Illustrated by Ana Juan
Published: March 2014 by Much In Little
Format: Paperback, 352 pages
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September misses Fairyland and her friends Ell, the Wyverary, and the boy Saturday. She longs to leave the routines of home, and embark on a new adventure. Little does she know that this time, she will be spirited away to the moon, reunited with her friends, and find herself faced with saving Fairyland from a moon-Yeti with great and mysterious powers.
In this, the third instalment of Valente’s Fairyland series, we see our beloved heroine September grow up, use her heart a bit more, and learn some awfully hard lessons. This book is tinged with more sorrow and melancholy than its predecessors, and seems altogether more serious and full of darkness.
September is looking forward, as usual, to the time when she can return to Fairyland and join her friends, A-Through-L the Wyverary and Saturday the Marid, in a rousing adventure full of magic. The previous two times she’s been in Fairyland she’s been busy overthrowing monarchs, but surely this time she can get some peace and quiet and have a nice adventure, right? Right!?
Before September is whisked off to Fairyland in this book we are treated with a look at how desperately she longs to return there, and for the first time, I started thinking that these adventures are very bad for her. Why? Because it’s clear that she has basically stopped living. She doesn’t have any friends at school and spends a lot of her time being sad and wistful. Her father is back from the war, injured, and she’s very worried about his health. The little girl we met two years ago has been replaced with a slightly taller, quieter and more demure version. Here is a girl that can no longer be described as ill-tempered and irascible.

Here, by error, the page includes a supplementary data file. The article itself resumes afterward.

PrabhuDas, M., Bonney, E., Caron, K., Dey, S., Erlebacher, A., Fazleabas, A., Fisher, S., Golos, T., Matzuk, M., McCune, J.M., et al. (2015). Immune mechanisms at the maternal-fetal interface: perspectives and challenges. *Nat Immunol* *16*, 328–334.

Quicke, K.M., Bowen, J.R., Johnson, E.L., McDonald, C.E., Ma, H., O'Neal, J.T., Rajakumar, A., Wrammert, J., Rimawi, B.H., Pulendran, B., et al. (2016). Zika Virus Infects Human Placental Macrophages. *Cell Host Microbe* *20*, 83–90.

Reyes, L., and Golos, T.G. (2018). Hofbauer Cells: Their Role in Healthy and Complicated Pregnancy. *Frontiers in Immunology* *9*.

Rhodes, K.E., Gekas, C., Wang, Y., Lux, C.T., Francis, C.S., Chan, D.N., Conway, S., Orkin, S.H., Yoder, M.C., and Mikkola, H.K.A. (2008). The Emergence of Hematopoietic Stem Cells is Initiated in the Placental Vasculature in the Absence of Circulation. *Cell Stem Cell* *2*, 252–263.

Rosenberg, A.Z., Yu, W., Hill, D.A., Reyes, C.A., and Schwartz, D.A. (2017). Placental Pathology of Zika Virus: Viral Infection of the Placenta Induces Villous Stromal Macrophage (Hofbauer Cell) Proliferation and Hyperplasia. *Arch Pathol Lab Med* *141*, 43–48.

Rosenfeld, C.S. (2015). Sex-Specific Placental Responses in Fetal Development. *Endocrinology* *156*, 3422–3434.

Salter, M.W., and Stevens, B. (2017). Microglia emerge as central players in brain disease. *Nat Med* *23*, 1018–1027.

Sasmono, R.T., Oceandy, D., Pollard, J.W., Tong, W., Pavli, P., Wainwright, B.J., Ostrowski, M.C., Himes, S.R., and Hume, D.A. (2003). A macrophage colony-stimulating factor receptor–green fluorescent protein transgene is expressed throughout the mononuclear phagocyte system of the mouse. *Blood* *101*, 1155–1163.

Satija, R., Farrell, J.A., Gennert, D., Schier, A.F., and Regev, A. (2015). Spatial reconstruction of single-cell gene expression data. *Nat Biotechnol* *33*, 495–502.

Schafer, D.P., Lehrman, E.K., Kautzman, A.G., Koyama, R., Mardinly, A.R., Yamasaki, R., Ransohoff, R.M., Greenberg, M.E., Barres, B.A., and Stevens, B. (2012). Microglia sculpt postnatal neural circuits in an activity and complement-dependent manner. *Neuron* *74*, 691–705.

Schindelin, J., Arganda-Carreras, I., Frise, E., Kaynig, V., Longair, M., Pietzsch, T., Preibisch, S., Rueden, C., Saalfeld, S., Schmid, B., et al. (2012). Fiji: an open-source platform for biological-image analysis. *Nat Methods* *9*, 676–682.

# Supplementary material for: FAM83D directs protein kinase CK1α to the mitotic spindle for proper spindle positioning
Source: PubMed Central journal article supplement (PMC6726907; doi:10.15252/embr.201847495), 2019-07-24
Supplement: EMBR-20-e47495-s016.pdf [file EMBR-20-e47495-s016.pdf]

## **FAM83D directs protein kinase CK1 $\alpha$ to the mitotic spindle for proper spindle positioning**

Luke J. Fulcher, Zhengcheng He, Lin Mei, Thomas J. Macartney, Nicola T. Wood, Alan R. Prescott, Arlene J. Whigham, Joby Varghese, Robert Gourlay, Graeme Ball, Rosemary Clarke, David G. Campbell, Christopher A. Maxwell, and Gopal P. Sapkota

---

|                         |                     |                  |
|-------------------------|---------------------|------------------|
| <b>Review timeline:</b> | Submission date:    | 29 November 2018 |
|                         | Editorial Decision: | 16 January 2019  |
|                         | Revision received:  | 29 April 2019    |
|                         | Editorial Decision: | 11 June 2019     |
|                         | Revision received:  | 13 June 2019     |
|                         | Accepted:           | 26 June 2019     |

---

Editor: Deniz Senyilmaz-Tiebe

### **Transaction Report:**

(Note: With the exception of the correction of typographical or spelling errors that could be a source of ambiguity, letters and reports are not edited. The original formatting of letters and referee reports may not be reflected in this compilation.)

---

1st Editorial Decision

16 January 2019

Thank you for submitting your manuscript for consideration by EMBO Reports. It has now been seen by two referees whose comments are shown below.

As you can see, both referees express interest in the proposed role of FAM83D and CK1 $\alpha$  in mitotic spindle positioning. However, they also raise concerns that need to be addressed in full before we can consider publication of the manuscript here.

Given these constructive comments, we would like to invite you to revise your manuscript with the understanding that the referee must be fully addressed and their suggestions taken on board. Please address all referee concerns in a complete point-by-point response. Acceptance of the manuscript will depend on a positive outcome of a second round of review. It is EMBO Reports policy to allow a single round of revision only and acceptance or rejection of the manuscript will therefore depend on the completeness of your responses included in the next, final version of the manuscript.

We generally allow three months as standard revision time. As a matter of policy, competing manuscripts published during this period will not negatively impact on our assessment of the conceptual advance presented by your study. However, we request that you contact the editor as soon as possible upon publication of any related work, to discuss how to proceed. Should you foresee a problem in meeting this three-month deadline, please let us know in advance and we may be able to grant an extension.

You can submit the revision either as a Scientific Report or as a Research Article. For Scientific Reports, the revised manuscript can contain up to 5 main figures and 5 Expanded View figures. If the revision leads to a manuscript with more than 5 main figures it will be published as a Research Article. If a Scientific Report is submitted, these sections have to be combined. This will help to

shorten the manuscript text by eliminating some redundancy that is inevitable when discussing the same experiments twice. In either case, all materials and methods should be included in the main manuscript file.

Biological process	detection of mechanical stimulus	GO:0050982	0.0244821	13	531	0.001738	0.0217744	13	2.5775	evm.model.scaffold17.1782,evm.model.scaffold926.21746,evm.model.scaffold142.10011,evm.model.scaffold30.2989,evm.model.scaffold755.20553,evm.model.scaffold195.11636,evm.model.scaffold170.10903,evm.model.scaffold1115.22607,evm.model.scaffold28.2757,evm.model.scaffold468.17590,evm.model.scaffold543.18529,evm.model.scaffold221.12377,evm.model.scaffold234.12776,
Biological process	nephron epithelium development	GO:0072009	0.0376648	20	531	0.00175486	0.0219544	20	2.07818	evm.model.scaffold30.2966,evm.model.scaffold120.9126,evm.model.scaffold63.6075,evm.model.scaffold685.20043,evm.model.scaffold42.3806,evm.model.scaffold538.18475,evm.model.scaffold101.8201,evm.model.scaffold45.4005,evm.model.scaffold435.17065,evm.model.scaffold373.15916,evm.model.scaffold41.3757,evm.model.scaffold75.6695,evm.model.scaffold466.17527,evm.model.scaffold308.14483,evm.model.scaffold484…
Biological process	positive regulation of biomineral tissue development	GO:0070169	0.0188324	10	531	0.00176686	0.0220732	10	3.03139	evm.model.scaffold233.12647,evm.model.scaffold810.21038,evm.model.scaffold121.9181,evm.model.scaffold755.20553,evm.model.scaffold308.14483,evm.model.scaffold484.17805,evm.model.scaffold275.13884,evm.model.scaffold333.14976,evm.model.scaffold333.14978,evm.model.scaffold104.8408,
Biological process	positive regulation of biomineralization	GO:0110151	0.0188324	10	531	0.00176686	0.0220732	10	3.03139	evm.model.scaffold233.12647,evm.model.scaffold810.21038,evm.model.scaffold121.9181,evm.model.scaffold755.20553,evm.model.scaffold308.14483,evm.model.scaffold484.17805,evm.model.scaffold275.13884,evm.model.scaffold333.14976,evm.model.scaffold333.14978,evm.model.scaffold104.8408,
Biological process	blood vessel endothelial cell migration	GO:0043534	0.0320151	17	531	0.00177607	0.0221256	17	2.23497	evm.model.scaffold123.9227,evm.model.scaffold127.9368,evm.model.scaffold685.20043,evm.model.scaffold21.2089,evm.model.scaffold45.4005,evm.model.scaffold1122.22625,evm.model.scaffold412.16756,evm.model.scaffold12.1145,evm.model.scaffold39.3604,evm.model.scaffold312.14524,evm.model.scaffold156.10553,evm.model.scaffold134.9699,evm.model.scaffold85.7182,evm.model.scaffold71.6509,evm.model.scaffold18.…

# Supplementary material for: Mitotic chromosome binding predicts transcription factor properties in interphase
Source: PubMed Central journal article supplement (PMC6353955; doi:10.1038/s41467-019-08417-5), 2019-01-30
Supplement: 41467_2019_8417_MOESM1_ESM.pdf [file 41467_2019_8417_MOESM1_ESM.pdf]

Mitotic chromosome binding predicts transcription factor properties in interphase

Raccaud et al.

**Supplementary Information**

She’s still undoubtably brave, and growing up has given her a new perspective, which comes in very handy in the adventure she has in this book. Firstly, she’s whisked off to Fairyland by the Blue Wind, who is completely different from September’s friend, the Green Wind and tells September some hard truths. September resolves to grow up, to hide her feelings and generally conduct herself differently in the future. The ramifications of this decision are clearer as the novel progresses: it speaks to the desire all teens have to grow up and enter the adult sphere of life, but usually they’re depriving themselves of experiences and fun in the process.
The lessons September learns, through magic and mischief as in the other books, have grown up alongside her. They are about self respect and and finding yourself, the matters of destiny and accepting changes in those you love most. She learns to take responsibility for her actions, that some rules are meant to broken but figuring out which ones is hard, and that courage is very different from fearlessness.
Her friends are growing up along-side September, and she’s really struggling to accept it. She’s known, for example, that Saturday is a Marid and that he is very different from her, and in particular has a different experience of time, but when their beliefs come to a head her response is to ignore and hurt him because she doesn’t agree. Of course, September lacks the tools at that point to really understand him and his outlook, but much like her treatment of her friends’ shadows in the last book, I couldn’t help but be a little disappointed at how selfish September was.
September has some weird views: she can believe in talking whelks and wyveraries but struggles with the idea that the car that got sucked into Fairyland with her might have feelings. She’s compartmentalised her two lives quite successfully, but now they are blurring and she has no idea what do with herself.
The plot of this narrative meanders in a way the other two did not. It feels as though this story doesn’t have a destination for a very long time, and encounters with strange and wonderful creatures and people just seem to be filling up time rather than leading up to something. The structure of this book departs from those before it as well. Whereas the other two books ended with September being deposited back in 1920’s Omaha to continue her life in our world, this one doesn’t, and it jarred and confused me.
I enjoyed The Girl Who Soared Over Fairyland and Cut the Moon in Two a lot, but wasn’t swept away by it was I was with the earlier instalments. Some of the charm is gone from September’s adventures, and it too much took long in this book for anything to actually happen. The unsatisfying plot and confusing ending have me hoping that the next book brings back the magic and wonder. I don’t expect the books to continue to be light and whimsical, but I feel like the maturing characters and plot of the series weren’t handled well in this book.